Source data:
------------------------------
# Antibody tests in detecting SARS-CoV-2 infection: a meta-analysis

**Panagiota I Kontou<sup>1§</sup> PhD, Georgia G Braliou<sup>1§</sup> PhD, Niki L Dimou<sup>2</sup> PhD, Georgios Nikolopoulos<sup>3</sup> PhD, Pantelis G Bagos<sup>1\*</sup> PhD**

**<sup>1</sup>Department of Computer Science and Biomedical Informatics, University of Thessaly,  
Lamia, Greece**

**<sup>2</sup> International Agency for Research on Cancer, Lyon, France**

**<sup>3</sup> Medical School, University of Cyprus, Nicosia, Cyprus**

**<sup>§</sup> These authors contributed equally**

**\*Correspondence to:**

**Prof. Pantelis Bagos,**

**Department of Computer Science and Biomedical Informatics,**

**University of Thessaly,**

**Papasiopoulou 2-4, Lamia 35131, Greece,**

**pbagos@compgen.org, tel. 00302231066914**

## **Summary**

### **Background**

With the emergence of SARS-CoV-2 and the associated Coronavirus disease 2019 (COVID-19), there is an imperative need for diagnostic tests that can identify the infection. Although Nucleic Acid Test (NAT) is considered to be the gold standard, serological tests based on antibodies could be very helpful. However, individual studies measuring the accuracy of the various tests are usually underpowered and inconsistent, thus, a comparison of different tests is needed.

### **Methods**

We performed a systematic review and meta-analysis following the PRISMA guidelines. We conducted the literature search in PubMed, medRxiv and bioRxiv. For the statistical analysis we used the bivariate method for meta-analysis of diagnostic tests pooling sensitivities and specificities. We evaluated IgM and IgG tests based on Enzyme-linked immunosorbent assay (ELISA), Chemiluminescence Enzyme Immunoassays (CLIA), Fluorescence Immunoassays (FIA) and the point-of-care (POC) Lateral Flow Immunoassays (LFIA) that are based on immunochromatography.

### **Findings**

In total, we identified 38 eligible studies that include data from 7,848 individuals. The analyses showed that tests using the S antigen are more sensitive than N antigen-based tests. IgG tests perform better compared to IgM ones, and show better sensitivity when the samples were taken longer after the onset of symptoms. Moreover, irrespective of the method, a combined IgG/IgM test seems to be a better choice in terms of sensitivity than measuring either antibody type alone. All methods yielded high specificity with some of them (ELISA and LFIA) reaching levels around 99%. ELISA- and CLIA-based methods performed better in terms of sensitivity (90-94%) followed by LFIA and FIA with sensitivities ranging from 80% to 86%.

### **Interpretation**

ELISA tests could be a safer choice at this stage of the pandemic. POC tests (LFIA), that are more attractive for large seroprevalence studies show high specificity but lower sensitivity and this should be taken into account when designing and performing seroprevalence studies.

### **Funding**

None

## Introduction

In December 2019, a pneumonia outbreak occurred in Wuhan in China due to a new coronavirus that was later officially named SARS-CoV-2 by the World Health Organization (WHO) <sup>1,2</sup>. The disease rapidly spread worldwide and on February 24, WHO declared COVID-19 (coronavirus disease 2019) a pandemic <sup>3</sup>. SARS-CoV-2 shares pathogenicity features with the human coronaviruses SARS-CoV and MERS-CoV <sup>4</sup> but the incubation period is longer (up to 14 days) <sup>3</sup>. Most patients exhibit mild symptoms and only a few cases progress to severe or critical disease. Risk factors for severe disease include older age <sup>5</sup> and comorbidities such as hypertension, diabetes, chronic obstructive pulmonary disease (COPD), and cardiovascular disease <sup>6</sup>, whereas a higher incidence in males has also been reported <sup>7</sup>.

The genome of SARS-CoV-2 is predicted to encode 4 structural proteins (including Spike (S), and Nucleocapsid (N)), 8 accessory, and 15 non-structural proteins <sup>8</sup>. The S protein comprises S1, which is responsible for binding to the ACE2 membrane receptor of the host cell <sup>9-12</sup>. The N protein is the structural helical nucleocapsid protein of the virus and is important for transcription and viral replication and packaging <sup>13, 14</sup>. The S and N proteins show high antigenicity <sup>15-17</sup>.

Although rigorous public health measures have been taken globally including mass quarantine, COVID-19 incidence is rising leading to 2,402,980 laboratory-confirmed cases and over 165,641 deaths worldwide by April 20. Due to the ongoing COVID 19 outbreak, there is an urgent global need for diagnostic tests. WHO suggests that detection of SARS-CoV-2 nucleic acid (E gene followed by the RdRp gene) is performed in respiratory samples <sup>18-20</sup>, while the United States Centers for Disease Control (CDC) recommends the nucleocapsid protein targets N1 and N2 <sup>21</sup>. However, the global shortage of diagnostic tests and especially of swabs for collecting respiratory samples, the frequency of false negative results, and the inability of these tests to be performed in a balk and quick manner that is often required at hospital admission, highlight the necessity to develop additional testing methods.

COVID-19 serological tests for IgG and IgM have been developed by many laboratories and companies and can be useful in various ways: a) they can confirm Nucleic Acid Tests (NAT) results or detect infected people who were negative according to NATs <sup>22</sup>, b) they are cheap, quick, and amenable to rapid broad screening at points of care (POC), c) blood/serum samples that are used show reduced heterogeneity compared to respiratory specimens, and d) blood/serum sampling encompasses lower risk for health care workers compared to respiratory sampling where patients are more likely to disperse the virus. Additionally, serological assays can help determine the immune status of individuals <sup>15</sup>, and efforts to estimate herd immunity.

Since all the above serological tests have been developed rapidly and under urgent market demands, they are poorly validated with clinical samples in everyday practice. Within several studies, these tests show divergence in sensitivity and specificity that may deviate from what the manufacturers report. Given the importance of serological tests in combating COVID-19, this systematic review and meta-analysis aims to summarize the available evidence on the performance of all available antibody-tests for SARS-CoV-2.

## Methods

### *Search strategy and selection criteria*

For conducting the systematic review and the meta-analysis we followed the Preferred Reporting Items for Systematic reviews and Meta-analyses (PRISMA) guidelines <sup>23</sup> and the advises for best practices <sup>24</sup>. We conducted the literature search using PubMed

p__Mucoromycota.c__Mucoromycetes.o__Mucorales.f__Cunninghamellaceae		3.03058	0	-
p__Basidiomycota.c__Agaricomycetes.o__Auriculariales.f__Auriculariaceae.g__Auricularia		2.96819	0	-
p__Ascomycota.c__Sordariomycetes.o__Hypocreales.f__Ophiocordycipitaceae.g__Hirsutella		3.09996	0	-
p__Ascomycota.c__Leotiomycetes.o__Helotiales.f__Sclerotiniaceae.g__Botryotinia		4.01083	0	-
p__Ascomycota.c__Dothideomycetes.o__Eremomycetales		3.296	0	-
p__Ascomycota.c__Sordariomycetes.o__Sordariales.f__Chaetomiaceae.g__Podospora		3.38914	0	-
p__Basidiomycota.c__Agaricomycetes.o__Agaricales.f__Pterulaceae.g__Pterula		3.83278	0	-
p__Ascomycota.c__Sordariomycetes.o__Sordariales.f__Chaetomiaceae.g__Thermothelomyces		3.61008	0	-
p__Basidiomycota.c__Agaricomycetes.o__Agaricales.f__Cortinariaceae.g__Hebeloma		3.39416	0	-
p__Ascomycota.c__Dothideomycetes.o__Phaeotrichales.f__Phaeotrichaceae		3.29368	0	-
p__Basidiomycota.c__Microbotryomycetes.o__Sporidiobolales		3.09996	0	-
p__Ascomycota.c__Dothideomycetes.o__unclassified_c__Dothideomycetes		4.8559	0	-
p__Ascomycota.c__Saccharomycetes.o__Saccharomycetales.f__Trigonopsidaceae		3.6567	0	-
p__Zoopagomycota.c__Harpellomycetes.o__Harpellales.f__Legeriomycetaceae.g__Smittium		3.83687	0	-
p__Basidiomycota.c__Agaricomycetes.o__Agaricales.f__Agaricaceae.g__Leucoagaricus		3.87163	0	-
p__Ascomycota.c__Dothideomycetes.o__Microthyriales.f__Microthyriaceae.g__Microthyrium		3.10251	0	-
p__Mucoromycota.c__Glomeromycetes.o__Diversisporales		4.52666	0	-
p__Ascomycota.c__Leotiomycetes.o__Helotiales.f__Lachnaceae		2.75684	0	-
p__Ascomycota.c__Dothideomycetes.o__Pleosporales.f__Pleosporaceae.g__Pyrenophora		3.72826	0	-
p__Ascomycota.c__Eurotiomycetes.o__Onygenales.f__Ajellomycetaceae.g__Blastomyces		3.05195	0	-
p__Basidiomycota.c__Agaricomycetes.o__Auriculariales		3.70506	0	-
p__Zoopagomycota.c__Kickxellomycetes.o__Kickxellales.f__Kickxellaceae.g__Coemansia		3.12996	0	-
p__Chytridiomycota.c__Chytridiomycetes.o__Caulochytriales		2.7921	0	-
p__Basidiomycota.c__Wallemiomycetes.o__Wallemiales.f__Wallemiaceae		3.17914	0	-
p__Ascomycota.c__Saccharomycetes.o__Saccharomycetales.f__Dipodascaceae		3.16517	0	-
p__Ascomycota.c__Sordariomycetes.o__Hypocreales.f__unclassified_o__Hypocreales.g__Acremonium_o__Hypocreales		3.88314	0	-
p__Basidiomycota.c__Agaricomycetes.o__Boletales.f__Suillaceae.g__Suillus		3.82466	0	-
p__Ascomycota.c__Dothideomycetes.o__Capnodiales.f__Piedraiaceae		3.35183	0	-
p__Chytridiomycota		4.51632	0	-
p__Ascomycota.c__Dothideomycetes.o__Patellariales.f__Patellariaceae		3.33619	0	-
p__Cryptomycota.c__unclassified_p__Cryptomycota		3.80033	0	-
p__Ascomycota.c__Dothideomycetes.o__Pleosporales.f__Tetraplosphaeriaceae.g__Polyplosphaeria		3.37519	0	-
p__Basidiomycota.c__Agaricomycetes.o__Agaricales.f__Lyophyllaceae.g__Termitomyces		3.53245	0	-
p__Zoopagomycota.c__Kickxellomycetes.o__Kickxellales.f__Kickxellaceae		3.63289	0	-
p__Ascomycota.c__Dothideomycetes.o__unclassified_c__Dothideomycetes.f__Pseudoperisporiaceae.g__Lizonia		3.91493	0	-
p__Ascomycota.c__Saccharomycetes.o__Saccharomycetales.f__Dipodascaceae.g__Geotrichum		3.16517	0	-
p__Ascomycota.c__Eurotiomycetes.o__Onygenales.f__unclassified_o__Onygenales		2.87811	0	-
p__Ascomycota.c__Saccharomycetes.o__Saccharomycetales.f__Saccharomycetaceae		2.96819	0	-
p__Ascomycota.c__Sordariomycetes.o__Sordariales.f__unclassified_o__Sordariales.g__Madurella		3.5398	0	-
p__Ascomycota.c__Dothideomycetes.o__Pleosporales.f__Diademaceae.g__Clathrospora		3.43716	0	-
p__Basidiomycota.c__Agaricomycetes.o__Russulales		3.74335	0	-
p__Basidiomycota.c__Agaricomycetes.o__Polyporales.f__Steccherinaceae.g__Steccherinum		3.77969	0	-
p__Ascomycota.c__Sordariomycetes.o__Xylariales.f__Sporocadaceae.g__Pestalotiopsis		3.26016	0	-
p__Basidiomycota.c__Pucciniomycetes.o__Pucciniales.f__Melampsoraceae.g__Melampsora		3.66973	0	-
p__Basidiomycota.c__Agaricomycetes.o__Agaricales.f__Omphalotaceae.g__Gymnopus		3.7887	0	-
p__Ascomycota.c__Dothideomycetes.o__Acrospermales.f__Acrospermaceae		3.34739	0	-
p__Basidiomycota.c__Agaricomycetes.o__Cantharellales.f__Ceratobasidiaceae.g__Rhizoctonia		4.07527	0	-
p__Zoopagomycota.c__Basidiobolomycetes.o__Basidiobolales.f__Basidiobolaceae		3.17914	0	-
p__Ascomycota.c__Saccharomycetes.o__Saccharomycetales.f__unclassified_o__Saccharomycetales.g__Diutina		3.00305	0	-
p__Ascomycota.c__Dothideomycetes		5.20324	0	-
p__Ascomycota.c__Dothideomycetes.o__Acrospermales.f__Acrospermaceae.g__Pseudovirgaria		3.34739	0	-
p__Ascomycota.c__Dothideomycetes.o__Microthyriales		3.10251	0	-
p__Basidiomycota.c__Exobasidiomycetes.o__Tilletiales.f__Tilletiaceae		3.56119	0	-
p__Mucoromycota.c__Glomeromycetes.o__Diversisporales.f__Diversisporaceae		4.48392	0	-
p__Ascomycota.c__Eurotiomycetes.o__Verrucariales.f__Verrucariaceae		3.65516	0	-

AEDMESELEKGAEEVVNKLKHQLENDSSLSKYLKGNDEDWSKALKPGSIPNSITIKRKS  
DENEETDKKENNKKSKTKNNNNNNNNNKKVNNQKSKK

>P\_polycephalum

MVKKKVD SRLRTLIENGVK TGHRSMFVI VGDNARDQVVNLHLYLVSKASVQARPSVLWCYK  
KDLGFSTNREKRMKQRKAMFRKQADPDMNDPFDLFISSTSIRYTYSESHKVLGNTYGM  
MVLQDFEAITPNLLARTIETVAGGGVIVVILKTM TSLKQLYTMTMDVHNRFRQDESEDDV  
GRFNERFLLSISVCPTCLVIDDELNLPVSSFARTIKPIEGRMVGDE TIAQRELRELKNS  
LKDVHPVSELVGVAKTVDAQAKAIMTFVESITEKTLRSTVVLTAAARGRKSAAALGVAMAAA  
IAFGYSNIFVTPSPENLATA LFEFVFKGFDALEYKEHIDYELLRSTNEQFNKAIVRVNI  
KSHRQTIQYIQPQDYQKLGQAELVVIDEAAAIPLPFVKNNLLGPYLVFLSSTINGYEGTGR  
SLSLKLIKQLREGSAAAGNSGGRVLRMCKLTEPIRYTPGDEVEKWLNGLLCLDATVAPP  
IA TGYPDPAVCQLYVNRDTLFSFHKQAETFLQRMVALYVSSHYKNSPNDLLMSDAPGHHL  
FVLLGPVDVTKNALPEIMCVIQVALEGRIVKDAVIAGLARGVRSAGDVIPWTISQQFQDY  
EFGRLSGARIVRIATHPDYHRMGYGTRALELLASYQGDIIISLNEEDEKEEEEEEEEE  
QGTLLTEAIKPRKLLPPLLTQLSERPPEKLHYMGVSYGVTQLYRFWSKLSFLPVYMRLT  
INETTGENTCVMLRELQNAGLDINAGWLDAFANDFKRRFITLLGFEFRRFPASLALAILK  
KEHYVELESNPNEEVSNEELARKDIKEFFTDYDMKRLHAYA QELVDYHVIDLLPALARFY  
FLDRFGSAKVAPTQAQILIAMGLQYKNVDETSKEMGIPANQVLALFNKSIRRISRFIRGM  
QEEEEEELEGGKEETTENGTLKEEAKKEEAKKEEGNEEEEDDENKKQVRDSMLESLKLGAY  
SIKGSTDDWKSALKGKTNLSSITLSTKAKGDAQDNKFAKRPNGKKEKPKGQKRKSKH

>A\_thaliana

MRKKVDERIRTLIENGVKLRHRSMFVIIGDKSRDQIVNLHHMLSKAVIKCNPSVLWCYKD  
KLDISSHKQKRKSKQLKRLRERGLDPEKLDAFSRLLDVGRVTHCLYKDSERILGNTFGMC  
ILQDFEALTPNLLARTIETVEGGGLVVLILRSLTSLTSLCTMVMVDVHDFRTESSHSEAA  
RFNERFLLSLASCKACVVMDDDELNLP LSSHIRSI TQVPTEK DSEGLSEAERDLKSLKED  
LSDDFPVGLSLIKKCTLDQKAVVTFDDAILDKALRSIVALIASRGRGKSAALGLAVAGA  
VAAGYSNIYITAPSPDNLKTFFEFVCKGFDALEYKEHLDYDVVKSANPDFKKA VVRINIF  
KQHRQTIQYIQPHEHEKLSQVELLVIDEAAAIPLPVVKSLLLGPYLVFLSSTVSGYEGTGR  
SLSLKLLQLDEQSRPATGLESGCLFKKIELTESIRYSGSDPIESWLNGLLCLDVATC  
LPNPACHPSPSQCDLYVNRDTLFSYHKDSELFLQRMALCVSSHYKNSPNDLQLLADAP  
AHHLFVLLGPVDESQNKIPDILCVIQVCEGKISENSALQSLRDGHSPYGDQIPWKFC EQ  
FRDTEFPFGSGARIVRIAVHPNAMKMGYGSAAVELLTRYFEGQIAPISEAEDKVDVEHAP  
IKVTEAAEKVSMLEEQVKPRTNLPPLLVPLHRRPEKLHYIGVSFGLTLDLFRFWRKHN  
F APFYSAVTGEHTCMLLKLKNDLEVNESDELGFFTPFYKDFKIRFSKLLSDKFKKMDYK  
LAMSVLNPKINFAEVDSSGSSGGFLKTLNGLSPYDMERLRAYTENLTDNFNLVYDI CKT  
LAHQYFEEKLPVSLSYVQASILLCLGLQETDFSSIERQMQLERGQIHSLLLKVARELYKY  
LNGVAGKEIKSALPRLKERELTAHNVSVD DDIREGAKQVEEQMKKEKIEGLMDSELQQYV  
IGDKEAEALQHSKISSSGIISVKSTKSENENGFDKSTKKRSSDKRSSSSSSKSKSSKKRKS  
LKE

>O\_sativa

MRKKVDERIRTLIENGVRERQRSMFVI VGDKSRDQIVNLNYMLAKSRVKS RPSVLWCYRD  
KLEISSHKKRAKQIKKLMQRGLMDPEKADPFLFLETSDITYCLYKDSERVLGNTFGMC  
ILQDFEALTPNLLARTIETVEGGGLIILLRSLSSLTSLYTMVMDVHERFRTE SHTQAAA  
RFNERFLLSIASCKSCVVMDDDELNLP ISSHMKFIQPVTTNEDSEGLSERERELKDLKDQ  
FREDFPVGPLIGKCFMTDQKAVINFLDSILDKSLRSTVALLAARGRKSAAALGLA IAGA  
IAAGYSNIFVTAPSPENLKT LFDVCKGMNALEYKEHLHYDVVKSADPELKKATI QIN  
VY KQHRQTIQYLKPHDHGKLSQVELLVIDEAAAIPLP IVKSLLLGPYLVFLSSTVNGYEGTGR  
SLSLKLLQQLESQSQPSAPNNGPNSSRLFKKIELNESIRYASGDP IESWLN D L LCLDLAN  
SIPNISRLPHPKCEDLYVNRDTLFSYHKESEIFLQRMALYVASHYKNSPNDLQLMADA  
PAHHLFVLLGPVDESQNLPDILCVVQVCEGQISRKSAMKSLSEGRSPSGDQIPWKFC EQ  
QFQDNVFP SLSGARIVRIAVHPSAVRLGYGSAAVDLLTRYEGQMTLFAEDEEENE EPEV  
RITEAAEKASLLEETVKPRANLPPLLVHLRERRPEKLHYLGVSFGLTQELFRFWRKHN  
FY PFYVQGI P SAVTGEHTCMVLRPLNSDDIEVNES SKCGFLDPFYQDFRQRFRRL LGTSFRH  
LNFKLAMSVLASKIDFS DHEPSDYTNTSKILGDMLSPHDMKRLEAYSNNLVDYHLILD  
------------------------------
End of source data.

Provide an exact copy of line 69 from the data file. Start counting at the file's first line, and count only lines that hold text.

p__Ascomycota.c__Saccharomycetes.o__Saccharomycetales.f__Dipodascaceae.g__Geotrichum		3.16517	0	-